BS 5852: Part 2
Upholstered furniture
ASTM E 1354
ASTM E162
Connecticut 9118-C342rn—Mattress
BS 7177
BS 6807
Mattress
ASTM E 1474
ASTM E 662
Connecticut
3748-M-34—Mattress
California TB 26
California TB 106
Mattress—cigarette
test
BIFMA
Cigarette test only
BIFMA
Flame tests only
Connecticut
3748-M-353a—Mattress
New Hampshire
3738-01—Mattress
California TB 116
Furniture—cigarette
test
BOCA F-307.3
California TB 117
Upholstered furniture
Connecticut
3748-M-360f—
Mattress
New Hampshire
3748-03—Mattress
California TB 121
Mattress
BS 5852: Part 1
Furniture
CS 191-53
Delaware, Univ. of
Mattress
California TB 129
Mattress
CAN 2-4.2-M77
Method 27.7—Mattress
FAR 25.853
a&b
District of Columbia
Mattress
California TB 133
Seating furniture
ISO 8191-1
Furniture—cigarette
FAR 25.853
b2 & b3
Maine
Mattress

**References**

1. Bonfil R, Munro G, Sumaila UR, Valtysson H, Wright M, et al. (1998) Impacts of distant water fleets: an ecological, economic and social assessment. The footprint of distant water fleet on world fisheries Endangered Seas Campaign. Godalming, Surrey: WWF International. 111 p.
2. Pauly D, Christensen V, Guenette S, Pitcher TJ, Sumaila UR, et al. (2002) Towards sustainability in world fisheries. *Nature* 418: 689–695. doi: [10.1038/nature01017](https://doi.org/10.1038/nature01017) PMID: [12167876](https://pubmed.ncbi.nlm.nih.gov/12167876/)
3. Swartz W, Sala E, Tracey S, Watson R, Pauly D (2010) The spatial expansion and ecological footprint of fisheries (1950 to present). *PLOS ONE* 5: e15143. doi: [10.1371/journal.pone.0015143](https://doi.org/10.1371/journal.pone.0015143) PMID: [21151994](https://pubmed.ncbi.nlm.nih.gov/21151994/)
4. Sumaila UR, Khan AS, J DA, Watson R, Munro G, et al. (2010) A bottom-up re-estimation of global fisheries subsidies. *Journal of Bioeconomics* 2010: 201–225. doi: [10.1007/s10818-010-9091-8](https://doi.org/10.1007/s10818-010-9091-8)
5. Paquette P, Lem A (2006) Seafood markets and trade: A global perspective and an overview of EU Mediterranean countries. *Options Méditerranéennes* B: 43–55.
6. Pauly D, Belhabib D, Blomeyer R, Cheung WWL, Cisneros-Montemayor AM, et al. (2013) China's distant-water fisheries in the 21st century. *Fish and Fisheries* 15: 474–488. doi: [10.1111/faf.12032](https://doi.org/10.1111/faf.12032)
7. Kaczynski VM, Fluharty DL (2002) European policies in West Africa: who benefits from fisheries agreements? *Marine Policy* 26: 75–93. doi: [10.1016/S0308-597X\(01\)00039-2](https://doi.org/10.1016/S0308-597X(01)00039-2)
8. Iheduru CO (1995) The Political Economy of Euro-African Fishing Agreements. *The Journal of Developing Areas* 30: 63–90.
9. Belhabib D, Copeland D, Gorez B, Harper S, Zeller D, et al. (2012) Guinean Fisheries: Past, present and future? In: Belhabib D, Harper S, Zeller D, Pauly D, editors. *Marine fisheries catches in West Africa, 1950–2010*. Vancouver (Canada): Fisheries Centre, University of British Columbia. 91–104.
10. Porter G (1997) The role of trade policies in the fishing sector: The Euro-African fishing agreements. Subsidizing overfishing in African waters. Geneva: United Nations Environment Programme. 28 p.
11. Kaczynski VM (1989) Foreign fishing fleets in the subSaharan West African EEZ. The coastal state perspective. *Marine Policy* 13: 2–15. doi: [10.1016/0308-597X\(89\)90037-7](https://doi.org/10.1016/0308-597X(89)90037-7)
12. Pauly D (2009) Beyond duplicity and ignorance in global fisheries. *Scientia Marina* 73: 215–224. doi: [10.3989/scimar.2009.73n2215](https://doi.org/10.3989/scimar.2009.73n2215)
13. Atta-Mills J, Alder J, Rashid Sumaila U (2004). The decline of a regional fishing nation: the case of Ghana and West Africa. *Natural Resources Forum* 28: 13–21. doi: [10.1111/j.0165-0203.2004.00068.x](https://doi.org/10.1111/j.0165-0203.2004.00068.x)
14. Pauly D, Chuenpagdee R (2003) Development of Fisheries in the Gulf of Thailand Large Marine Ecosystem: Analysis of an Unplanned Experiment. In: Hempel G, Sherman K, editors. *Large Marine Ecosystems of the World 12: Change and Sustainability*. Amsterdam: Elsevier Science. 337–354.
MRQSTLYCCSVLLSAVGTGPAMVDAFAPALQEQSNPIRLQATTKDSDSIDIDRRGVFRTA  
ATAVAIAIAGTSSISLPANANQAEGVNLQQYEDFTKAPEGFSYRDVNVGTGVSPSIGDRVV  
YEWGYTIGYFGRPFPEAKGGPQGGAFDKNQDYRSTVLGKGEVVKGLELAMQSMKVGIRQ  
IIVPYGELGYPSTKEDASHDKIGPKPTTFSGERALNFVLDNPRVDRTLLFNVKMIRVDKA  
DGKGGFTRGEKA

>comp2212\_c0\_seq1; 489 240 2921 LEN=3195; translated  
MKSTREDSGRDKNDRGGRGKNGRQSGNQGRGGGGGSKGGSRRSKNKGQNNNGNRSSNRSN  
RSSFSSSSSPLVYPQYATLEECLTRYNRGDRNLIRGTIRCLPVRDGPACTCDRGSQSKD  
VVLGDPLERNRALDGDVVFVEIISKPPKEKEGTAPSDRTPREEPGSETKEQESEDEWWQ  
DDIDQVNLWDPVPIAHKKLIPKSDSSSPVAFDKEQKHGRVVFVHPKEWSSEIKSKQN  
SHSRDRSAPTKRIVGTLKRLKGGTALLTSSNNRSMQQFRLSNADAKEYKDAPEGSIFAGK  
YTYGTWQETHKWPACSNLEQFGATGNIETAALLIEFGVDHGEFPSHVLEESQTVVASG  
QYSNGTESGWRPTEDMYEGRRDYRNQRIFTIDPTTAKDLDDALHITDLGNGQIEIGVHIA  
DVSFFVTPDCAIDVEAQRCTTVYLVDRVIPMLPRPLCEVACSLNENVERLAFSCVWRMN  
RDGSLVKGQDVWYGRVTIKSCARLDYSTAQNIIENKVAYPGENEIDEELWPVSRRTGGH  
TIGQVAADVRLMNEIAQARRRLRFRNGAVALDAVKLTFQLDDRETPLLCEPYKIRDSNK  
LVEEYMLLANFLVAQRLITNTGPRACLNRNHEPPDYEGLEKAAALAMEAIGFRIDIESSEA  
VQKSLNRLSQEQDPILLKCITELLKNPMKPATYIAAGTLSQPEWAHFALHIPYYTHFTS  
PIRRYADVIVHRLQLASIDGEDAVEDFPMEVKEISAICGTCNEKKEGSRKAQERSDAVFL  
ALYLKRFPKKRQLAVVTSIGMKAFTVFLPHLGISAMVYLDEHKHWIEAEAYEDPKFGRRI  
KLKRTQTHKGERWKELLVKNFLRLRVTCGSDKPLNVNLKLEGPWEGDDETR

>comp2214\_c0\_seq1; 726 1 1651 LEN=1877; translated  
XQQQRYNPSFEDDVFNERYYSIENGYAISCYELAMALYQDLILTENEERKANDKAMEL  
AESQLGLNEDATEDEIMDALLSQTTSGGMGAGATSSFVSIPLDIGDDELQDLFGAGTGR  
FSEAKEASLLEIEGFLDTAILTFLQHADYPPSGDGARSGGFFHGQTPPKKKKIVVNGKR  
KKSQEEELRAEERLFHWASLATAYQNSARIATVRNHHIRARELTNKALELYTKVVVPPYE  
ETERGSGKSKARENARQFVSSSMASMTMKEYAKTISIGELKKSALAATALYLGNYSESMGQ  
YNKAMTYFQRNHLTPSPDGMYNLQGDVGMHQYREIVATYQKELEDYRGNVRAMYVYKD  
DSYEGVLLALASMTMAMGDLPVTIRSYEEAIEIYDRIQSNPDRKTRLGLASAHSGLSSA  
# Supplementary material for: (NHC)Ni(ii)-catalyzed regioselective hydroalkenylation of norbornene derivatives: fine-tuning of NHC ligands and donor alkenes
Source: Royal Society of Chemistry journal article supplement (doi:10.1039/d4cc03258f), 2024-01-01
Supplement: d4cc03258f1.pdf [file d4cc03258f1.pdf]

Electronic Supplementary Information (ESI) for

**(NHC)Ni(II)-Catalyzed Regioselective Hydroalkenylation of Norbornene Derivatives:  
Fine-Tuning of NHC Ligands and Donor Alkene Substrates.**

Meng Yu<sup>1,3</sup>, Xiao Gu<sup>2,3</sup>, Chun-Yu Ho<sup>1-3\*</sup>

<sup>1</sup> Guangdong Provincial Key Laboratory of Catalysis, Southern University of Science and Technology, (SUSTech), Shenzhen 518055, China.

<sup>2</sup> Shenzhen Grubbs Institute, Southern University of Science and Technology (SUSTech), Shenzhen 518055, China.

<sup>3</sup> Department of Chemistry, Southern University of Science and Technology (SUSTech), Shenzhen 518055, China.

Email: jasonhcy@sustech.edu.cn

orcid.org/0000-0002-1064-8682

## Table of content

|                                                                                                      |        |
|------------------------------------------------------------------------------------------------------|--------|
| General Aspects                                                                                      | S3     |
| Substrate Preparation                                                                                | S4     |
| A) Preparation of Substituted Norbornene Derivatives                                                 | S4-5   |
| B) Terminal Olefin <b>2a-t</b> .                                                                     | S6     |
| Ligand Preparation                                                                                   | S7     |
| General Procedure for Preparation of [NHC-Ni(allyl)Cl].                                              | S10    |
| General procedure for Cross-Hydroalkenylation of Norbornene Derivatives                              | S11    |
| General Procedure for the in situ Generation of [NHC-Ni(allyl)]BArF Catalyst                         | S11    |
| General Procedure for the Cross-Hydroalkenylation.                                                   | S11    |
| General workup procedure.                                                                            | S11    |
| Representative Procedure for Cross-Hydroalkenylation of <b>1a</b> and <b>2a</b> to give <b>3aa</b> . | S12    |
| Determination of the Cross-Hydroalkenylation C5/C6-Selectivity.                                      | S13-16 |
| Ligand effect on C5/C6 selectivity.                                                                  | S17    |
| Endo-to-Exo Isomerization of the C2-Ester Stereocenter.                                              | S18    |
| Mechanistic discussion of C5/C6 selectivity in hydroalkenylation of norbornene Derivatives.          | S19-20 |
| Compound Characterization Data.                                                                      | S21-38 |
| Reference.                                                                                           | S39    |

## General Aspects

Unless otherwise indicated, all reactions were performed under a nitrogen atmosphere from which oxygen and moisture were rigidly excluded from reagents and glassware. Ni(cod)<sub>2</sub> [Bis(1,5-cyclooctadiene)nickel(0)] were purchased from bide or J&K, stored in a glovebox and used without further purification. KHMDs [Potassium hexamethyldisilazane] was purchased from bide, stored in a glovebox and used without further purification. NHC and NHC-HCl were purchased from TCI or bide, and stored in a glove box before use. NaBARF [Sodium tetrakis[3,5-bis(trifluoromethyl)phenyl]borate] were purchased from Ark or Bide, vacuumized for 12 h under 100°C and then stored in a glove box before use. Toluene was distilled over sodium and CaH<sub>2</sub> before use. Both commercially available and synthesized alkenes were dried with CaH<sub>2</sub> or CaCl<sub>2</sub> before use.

16 CFR 1632
FF 4-72—mattress
ISO 8191-2
Furniture—match
Federal Test 5903
Maryland
Mattress
FAR 25–59
Aircraft seats
NFPA 260
Furniture—cigarette
Federal Test 5906
Massachusetts
527 CMR 21.00
Michigan roll-up test
Mattress
NFPA 261
Furniture—cigarette
Federal Test 5908
MIL-STD-1623D
NFPA 266
Upholstered furniture
NFPA 264
MVSS 302
Motor vehicles
Minnesota 7510
Seating furniture
NFPA 267
Mattress
NFPA 264A
NFPA701
Small-scale
NFPA101
Nordtest NT 032
Upholstered furniture
NFPA 701
Large-scale
UL 214
Small-scale
NY/NJ Port Authority
UL 1056
Upholstered furniture
Nordtest NT 037
North Carolina
7210-M-2c, MF-3e,
M-ld
Mattress
UL1895
Mattress
UFAC
Furniture—cigarette
Rhode Island
4358–06 Mattress
UL2060
Mattress
UL214
Large-scale
West Virginia
Mattress
Reprinted with permission from Damant, G.H. ‘‘Combustabiity Database, Fire Tests Resource Guide,’’ Sleep Products Safety Council, 1993.
5.18
FIBERS AND FABRICS
5.19
onds. When the fabric stops burning, the remaining fabric is weighed and the percent remaining is
reported.
5.4.3 Performance Standards